CSIRO launches EvolutionProbe

Scientists from the Commonwealth Scientific and Industrial Research Organisation (CSIRO) have launched a second-generation probe described as the biggest advance in microscopy since the electron microscope.

Australian scientists from CSIRO have launched a second-generation probe described as the biggest advance in microscopy since the electron microscope.

The now patented CSIRO EvolutionProbe follows the development of the prototype Scanning Kelvin Probe launched a year ago by CSIRO.

The new-generation version has been named the CSIRO EvolutionProbe (CEP) because of the new features it offers for real-time study of corrosion and other surface chemistry phenomena.

The developer of the CEP, Aaron Neufeld of CSIRO Sustainable Materials Engineering said, ‘The CEP is the only analytical instrument that can provide information about electrochemical reactions and surface changes on coated metal products affected by the thin films of moisture typically deposited as dew or rain’.

According to the CSIRO, the CEP can capture a picture of these electrochemical reactions within minutes compared to other instruments, which take hours and then only offer data from a small section of material.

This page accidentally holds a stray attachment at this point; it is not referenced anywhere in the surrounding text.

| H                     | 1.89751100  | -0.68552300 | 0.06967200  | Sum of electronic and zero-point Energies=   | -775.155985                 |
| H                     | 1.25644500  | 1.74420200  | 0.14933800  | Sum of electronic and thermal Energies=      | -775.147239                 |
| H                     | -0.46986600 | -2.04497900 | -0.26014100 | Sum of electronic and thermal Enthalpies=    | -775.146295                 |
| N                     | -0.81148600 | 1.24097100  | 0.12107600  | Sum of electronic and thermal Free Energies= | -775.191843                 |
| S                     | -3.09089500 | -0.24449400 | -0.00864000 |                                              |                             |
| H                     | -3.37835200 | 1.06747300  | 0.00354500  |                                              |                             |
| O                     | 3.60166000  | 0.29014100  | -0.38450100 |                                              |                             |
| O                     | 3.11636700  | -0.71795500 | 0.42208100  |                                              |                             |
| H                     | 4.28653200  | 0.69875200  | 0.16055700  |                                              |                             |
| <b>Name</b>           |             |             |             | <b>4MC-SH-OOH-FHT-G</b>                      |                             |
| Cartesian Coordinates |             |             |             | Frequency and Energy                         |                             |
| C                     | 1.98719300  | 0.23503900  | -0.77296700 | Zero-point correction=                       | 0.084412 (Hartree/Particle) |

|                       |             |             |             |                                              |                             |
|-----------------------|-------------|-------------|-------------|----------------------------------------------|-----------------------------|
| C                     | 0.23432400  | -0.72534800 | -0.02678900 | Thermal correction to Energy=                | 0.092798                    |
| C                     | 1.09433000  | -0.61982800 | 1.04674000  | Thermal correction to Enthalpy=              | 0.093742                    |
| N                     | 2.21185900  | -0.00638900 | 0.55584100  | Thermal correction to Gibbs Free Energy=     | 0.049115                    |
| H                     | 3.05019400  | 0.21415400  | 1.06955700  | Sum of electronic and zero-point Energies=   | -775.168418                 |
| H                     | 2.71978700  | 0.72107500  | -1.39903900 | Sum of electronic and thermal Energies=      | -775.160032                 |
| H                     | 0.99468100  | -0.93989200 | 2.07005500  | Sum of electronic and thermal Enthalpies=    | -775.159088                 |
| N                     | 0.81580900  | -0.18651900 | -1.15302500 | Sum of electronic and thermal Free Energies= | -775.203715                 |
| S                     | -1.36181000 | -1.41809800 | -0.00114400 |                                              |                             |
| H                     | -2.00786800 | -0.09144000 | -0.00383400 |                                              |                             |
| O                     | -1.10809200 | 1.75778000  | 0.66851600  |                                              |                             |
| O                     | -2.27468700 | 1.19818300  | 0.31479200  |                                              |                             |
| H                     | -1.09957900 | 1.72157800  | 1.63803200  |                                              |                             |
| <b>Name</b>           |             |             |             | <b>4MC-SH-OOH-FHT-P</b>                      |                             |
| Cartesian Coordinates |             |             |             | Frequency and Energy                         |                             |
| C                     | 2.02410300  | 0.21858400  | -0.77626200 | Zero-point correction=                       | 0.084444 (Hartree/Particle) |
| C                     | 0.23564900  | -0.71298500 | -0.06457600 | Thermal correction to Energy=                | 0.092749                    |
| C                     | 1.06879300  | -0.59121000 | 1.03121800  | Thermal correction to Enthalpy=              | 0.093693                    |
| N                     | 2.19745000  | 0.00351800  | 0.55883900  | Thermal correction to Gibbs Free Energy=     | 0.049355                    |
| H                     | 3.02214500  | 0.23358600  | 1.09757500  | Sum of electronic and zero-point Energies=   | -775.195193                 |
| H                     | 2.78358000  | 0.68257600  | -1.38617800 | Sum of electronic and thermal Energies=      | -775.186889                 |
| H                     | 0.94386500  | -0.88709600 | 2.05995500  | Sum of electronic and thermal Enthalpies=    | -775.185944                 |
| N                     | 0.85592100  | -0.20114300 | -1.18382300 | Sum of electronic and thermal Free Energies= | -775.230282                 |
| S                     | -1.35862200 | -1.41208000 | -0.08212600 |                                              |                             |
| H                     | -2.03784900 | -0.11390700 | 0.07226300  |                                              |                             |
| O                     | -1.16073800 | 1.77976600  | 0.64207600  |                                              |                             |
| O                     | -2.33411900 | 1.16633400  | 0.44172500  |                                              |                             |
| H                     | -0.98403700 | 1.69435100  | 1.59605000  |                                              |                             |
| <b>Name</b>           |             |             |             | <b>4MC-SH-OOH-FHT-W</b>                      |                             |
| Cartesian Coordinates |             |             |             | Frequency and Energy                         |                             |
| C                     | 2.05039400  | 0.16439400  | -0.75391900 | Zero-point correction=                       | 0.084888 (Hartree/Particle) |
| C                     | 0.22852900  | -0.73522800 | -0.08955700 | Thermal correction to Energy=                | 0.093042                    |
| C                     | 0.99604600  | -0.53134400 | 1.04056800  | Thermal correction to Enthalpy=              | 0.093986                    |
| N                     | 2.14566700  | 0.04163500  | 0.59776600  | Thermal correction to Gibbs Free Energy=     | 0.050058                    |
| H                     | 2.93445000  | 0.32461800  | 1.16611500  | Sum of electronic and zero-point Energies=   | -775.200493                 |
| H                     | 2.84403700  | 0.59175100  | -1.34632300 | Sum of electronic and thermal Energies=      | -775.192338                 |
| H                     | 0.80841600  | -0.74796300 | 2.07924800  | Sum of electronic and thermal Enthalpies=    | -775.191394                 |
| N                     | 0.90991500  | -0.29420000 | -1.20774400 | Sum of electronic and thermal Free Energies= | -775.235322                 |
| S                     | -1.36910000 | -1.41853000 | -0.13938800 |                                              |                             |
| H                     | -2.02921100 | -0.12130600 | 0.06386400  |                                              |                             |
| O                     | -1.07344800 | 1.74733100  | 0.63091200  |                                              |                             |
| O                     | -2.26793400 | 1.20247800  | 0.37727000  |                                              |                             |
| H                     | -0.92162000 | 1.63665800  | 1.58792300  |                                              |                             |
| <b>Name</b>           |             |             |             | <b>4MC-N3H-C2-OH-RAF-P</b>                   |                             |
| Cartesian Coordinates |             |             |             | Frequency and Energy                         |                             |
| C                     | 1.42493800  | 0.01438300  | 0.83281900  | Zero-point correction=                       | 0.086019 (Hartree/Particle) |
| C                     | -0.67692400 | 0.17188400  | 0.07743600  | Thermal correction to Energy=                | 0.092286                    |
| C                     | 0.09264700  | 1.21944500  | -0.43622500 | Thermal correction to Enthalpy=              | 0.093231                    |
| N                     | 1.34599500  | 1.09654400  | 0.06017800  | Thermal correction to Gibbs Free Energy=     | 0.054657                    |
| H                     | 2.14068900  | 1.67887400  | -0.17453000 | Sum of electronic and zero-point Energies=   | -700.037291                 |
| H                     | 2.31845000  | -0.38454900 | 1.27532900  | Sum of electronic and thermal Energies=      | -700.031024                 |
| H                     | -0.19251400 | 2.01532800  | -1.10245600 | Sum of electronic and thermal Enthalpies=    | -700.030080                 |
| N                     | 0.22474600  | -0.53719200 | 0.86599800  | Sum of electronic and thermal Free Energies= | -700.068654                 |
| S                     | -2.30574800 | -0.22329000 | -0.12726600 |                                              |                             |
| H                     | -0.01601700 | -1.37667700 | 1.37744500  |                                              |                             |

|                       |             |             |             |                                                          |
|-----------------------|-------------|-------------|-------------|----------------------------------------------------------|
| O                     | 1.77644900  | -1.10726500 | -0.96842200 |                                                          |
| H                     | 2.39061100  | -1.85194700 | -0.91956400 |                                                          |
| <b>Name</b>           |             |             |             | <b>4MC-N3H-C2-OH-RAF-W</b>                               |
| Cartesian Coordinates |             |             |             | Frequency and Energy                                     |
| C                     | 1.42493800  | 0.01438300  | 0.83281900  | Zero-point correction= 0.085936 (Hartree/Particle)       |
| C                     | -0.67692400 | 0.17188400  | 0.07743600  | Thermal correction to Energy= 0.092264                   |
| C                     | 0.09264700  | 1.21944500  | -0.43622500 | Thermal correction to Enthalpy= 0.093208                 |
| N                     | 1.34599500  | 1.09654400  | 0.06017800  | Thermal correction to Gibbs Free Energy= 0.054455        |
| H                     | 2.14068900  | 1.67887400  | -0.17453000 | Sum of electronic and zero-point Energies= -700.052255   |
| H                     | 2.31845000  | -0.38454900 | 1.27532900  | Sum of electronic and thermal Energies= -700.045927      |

The CEP can be used for a range of applications from accelerated testing, to quality control and quality assurance, and product-process refinement and development.

In particular the CEP reportedly offers easy quantification of the previously complex measurement of tribocharging effects.

The generation of static electricity by friction or tribocharging, the magnitude of the charge and how fast the static charge decays, can all be measured quickly by the CEP.

‘This means we can tailor surface chemistry to minimise the effect of static charging,’ said Neufeld. ‘In effect, the CEP is a key to commercialising new technologies such as new composite materials where tribocharging may create product, production or packaging difficulties. It has enabled us to begin to unravel the riddle of unwanted tribocharging effects on polymer films.’

Neufeld added, ‘Just as importantly, it can help to identify a replacement solution for the many current environmentally unfriendly antistatic compounds containing fluorines’.

The CEP is said to fall into the generic instrument category of scanning probe microscopes, the two most common commercially available instruments being Atomic Force Microscopy (AFM) and Scanning Tunnelling Microscopy (STM). The EvolutionProbe is a technique complementary to these existing techniques.

The current worldwide market for such instruments is estimated at about US$250 million. CSIRO is now actively seeking partners for the commercial development of the EvolutionProbe.

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